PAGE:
Writing TDM and TDMS Files in LabVIEW

Publish Date: Jul 22, 2009 | 5 Ratings | 5.00 out of 5 |  PDF

Table of Contents

  1. Write To Measurement File Express VI
  2. Data Storage VIs
  3. TDM Streaming API
  4. Additional Resources

To reduce the need to design and maintain your own data file format, National Instruments has created the flexible technical data management (TDM) data model, which is natively accessible through NI LabVIEW, LabWindows™/CVI, Measurement Studio, LabVIEW SignalExpress, and DIAdem and is portable to other common applications such as Excel. The TDM data model offers several unique benefits such as the ability to scale to your specific project requirements and easily attach descriptive information to your measurements while streaming your data to disk.

The TDM data model offers three levels of hierarchy, as shown in Figure 1 – root, group, and channel. Each level accepts an unlimited number of customer-defined attributes, making the files “search ready.” 

Figure 1. Each TDM and TDMS file written in LabVIEW contains descriptive information on the root, group, and channel levels.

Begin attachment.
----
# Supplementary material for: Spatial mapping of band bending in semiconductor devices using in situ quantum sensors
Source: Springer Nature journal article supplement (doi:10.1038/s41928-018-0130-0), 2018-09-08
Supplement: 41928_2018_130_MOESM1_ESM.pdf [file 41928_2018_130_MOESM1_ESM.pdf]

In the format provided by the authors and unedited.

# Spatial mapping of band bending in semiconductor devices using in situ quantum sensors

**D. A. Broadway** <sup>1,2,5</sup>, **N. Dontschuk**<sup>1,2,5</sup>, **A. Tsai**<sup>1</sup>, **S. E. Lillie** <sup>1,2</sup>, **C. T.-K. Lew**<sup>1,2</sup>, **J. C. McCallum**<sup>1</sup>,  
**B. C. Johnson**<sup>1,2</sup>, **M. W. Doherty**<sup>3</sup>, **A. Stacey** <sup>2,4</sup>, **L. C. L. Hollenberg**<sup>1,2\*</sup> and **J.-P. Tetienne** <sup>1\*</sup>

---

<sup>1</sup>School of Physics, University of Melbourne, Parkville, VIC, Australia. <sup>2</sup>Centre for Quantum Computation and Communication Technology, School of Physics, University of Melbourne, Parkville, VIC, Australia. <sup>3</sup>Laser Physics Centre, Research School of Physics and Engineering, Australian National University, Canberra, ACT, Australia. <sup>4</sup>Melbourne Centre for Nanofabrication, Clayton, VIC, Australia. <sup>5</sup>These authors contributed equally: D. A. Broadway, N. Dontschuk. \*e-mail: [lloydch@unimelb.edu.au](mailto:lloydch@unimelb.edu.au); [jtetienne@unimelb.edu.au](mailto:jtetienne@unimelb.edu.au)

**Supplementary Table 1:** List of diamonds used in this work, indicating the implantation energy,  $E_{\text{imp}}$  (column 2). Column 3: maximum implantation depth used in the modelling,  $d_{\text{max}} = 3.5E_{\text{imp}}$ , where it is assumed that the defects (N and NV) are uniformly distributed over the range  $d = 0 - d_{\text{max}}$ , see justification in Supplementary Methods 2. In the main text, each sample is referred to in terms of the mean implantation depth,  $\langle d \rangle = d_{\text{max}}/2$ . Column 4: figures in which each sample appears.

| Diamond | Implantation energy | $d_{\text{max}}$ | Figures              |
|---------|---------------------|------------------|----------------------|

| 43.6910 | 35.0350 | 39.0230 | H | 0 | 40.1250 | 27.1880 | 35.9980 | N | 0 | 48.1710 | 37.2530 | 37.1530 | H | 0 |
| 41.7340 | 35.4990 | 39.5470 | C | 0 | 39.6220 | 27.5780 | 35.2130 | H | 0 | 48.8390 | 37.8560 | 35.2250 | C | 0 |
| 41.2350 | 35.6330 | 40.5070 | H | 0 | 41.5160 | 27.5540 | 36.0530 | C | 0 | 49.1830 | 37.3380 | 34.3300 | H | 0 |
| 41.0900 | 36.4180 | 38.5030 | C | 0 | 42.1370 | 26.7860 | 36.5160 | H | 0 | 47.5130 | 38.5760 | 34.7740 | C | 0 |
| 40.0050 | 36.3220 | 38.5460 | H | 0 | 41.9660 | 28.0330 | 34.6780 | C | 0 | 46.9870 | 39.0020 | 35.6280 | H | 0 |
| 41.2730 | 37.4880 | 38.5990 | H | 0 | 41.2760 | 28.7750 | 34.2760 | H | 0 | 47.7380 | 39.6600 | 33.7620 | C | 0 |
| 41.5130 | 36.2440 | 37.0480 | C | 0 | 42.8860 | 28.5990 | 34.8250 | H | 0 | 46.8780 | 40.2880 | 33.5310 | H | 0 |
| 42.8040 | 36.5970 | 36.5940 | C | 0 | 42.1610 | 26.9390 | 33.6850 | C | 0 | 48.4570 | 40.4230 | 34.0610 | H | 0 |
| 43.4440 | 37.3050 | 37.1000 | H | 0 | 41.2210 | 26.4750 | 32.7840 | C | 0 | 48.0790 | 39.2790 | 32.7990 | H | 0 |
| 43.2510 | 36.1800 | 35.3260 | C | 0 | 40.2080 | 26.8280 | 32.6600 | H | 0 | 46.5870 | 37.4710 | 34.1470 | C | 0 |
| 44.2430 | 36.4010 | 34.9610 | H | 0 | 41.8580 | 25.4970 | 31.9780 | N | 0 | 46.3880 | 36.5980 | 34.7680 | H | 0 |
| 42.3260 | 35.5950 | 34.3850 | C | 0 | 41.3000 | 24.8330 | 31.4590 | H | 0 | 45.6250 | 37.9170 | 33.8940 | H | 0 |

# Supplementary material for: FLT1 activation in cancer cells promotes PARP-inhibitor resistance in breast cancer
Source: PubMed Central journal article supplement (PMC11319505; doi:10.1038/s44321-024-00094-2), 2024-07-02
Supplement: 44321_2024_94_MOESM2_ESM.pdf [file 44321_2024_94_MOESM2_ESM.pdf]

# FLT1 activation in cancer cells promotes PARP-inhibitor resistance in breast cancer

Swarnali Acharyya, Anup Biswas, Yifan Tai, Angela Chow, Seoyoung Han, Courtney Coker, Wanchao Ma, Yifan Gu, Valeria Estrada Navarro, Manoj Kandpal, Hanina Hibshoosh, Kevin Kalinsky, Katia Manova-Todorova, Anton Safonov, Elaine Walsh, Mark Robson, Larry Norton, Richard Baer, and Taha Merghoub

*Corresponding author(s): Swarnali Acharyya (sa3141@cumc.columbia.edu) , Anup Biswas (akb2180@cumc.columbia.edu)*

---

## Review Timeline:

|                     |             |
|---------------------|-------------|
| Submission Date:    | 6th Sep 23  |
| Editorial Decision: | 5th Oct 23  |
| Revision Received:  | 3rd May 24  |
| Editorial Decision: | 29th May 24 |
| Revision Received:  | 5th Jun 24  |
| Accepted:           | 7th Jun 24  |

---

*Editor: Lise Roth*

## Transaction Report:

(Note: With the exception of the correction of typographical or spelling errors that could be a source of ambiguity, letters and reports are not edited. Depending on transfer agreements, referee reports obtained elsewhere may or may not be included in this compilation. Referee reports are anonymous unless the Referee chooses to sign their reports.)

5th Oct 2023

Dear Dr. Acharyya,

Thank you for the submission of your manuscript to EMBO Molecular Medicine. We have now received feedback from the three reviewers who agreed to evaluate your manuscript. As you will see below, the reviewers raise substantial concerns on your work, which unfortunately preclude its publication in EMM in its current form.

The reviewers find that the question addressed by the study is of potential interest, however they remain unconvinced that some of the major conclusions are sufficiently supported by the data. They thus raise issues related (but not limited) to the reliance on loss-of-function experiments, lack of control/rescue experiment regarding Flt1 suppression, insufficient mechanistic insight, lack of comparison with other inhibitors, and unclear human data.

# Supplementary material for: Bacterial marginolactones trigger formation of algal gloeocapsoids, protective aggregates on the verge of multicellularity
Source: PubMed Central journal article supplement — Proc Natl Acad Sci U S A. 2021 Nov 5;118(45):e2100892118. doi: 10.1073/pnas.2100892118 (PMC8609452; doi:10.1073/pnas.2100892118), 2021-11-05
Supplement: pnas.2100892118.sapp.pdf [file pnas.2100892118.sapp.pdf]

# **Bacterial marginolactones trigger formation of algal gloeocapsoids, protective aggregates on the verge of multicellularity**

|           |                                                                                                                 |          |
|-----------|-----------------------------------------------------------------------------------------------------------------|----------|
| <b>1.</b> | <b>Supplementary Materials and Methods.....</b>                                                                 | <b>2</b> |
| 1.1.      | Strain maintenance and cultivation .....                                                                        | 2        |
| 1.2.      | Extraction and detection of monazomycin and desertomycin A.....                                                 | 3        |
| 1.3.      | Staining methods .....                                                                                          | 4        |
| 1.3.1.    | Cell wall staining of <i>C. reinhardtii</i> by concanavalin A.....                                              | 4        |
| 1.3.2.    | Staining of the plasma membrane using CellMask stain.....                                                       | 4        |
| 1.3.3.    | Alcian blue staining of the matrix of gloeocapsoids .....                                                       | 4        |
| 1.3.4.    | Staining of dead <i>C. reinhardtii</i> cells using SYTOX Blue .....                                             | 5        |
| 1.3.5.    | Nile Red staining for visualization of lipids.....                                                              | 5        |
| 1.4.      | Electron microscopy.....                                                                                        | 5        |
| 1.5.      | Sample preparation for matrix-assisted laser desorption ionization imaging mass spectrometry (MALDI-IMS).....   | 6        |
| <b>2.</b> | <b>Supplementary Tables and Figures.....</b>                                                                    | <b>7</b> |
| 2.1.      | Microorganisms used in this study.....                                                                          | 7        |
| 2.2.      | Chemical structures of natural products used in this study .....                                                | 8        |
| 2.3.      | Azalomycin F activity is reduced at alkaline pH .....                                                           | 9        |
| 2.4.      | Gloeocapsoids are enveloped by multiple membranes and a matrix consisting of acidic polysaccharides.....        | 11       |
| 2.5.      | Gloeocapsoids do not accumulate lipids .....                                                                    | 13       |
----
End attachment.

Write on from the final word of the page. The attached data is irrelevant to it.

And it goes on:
The TDM data model file can contain several groups, and each group can contain several channels. You can insert your own custom properties at each of the three levels.

The TDM data model supports two file formats: TDM and TDMS. The TDM file format specifies that you save descriptive information in a header file with the extension TDM and the bulk measurement, simulation, and analysis results in a bulk binary data file with the extension TDX. Unlike TDM files, which have a strictly required XML-based header file, TDMS files have a binary index file with the extension *.TDMS_Index. The TDMS_Index file provides consolidated information on all the attributes and pointers in the bulk data file, and speeds up access to the data while reading.

In LabVIEW, you can choose from three interfaces to write data to the TDM data model. Some of these interfaces work with both TDM and TDMS file formats. The following sections examine the basics of using each interface.

1. Write To Measurement File Express VI

The simplest way to write to either a TDM or TDMS file is to use the Write To Measurement File Express VI from the File I/O palette. The only input needed for the VI is the DAQmx Task or the signals you are writing to disk, as shown in Figure 2.

Figure 2. You can wire data directly into the Write To Measurement File Express VI.